• Trump, Schmump: This is Putin’s Actual New BFF
Turkey’s President Recep Tayyip Erdogan is fast-tracking the creation of a dictatorship in the wake of this month’s coup. Erdogan has also revived talks with Russia about a new gas pipeline and is set to visit Vladimir Putin in two weeks’ time, probably to confirm the end of Russian sanctions on Turkish food imports and other tokens of rapprochement. There is no longer any semblance of proportionality in Erdogan’s response to the coup attempt: on Wednesday, he shut down 130 media outlets including 45 newspapers, 16 television stations, 23 radio stations, 3 news agencies and 15 magazines. That follows the suspension or dismissal of 60,000 people in the military, security services and judiciary, and 16,000 arrests (half of those detained are facing trial, including those responsible for shooting down that Russian jet last year). Meanwhile, tourism arrivals, a key source of foreign exchange, are down 41% year-on-year, the worst drop on record. Other than that, NATO’s key ally in the Near East and its only point of leverage in the Syrian conflict is doing just fine. The Moscow Times
Around the Water Cooler
• Miners Drag Themselves out of Holes
The much-battered global mining sector continues to drag themselves out of the literal and financial holes they dug for themselves during the pre-crisis boom. Anglo American’s shares hit a 12-month high after it confirmed it’s on course to meet its target of cutting debt by at least $10 billion this year, while BHP Billiton removed some uncertainty from its outlook by capping expected liabilities from the Samarco dam disaster in Brazil at $1.3 billion. It’s still on course for its worst-ever annual loss, though. The charge accounts for BHP‘s share of a settlement that the company and its Brazilian partner-cum-rival Vale reached with the Brazilian government to cover clean-up costs and damages for the dam burst that killed 19 people, left hundreds homeless and polluted a major river. A Brazilian court recently decided to reinstate a $6 billion public civil claim over the disaster, but BHP and Vale have said they will appeal that decision. Reuters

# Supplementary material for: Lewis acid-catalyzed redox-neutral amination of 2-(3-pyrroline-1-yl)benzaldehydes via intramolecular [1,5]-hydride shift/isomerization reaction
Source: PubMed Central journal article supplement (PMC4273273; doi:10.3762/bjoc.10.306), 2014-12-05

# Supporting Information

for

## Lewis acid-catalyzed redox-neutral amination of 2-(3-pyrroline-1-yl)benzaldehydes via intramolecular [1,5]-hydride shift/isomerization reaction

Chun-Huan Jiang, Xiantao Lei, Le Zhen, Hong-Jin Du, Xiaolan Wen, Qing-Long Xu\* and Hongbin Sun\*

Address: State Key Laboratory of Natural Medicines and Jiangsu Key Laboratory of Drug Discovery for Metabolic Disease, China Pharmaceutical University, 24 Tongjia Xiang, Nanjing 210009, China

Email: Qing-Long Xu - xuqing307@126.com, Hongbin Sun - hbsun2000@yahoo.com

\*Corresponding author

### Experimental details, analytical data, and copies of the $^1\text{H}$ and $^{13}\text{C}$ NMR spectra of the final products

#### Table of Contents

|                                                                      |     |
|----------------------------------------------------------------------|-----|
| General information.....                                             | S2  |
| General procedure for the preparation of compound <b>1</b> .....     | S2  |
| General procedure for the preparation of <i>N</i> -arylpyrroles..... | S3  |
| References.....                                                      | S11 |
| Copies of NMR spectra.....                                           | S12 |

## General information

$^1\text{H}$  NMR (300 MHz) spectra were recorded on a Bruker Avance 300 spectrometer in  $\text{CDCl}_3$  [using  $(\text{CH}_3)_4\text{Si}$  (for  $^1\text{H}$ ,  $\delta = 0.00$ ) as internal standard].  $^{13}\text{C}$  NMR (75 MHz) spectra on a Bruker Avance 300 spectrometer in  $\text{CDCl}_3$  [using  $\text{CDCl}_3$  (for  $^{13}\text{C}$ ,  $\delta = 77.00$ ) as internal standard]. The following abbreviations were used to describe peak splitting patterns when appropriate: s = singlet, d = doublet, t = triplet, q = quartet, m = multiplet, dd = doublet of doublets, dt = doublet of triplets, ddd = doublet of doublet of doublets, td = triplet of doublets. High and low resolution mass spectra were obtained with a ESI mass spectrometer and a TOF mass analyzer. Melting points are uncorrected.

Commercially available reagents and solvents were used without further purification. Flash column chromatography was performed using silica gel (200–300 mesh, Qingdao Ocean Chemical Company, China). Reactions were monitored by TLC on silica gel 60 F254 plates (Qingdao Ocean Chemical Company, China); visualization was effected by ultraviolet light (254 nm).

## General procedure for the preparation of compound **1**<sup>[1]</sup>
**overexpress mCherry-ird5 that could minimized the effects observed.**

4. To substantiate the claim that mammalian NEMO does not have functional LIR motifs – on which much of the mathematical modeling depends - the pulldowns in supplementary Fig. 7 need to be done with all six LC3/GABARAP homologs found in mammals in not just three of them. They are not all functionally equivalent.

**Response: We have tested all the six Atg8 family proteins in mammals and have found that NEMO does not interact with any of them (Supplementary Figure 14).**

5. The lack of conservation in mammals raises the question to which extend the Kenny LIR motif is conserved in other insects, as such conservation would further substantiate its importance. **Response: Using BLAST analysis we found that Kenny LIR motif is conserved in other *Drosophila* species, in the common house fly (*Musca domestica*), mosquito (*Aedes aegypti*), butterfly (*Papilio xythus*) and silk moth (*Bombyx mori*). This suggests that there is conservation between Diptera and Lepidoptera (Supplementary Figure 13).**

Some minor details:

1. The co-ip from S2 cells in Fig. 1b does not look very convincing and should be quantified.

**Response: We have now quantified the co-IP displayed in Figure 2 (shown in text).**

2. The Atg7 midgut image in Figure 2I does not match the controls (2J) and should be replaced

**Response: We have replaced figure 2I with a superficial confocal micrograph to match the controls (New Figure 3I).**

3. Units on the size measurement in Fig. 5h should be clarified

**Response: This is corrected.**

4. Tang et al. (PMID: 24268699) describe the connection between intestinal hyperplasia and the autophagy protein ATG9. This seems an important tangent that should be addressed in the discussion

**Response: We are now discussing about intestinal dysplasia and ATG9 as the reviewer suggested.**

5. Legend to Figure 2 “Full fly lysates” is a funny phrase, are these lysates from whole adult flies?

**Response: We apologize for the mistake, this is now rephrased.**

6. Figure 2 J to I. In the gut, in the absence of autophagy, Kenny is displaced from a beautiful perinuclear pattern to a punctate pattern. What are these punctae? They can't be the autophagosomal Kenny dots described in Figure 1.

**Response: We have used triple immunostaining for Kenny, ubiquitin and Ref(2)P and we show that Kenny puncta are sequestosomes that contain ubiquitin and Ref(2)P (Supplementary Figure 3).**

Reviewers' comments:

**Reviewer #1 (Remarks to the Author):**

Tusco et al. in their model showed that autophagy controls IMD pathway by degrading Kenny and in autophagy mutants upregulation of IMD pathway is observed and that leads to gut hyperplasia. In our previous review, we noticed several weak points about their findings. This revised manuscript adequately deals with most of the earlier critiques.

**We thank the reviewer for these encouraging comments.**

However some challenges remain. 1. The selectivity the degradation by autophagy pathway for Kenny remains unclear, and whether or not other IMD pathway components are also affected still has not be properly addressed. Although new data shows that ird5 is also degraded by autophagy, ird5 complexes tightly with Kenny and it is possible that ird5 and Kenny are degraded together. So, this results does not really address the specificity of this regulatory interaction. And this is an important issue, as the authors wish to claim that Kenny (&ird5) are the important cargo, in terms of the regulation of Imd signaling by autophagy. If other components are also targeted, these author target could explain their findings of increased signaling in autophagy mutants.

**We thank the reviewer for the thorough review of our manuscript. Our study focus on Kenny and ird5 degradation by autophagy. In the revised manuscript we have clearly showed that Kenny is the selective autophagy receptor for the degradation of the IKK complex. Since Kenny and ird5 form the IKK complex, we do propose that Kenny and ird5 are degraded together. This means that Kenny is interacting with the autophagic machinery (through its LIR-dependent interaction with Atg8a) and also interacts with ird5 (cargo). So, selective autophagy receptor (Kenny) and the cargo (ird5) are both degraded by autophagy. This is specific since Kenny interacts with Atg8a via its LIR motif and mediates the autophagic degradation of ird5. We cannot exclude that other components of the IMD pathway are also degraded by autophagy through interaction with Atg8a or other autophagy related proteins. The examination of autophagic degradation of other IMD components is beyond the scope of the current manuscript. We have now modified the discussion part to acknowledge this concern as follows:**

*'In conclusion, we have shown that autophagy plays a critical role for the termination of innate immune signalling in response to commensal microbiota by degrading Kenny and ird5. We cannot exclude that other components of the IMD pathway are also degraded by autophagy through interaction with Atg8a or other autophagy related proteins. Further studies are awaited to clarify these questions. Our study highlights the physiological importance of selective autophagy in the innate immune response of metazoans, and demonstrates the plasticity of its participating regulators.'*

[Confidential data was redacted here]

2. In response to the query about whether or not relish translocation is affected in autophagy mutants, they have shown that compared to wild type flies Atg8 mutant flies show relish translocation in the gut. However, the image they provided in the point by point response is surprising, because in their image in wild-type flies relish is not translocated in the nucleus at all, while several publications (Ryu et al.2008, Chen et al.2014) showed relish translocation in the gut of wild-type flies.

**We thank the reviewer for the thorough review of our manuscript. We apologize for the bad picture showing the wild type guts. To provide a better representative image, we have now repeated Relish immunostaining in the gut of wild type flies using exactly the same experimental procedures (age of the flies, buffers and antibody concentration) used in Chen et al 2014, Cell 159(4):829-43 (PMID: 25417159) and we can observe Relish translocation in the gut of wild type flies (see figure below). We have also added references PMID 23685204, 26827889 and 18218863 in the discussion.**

• Adidas Can’t Put a Foot Wrong
Nike’s Mark Parker is going to have to work harder to justify his $46 million pay package. Nike’s biggest rival Adidas raised its profit guidance for the fourth time this year after another blowout quarter, with the icing on the cake coming in the form of a fat early contract termination fee from soccer club Chelsea. Strong sales of running gear and lifestyle products were complemented by the predicted bump from the Euro 2016 soccer championships (even though both teams in the final were wearing Nike). With Nike having missed analysts’ expectations this quarter, shareholders will be raising an eyebrow.
• Samsung Is Humming
Nike isn’t the only U.S. champion that’s suddenly under pressure from its foreign rivals. Samsung Electronics posted a 18% rise in net profit to some $7.2 billion in the second quarter, its best result in over two years. The Korean giant said strong demand for components offset margin pressure in the smartphone segment. It’s still to see a real reward for the pivot to chipmaking that has been quietly going on for the last 18 months—operating profit for the chips division fell 22% due to weak prices. It said it expected the component business to stay strong in the second half, but said the mobile business will weaken (despite the launch of a new Galaxy Note phone next week). Fortune
• Goodbye, Jumbo
Boeing said it would consider ending production of the 747, the plane that shrunk the world like no other, 48 years after the prototype rolled off the production line at Everett, Wa. Passenger airlines have switched increasingly to smaller, more flexible aircraft that can run on fuller loads, confounding the logic behind both Boeing's 747-8 and the A380 Airbus. The iconic ‘Jumbo Jet’ is now only made for cargo services and the head of state, and demand from the former isn’t what it used to be before 2008: production will slow to six a year for now. Boeing posted its first quarterly loss in nearly seven years Wednesday, confirming previously flagged charges related to three separate aircraft programs. Its shares rose over 1%, after the statement clarified the company’s outlook. WSJ, subscription required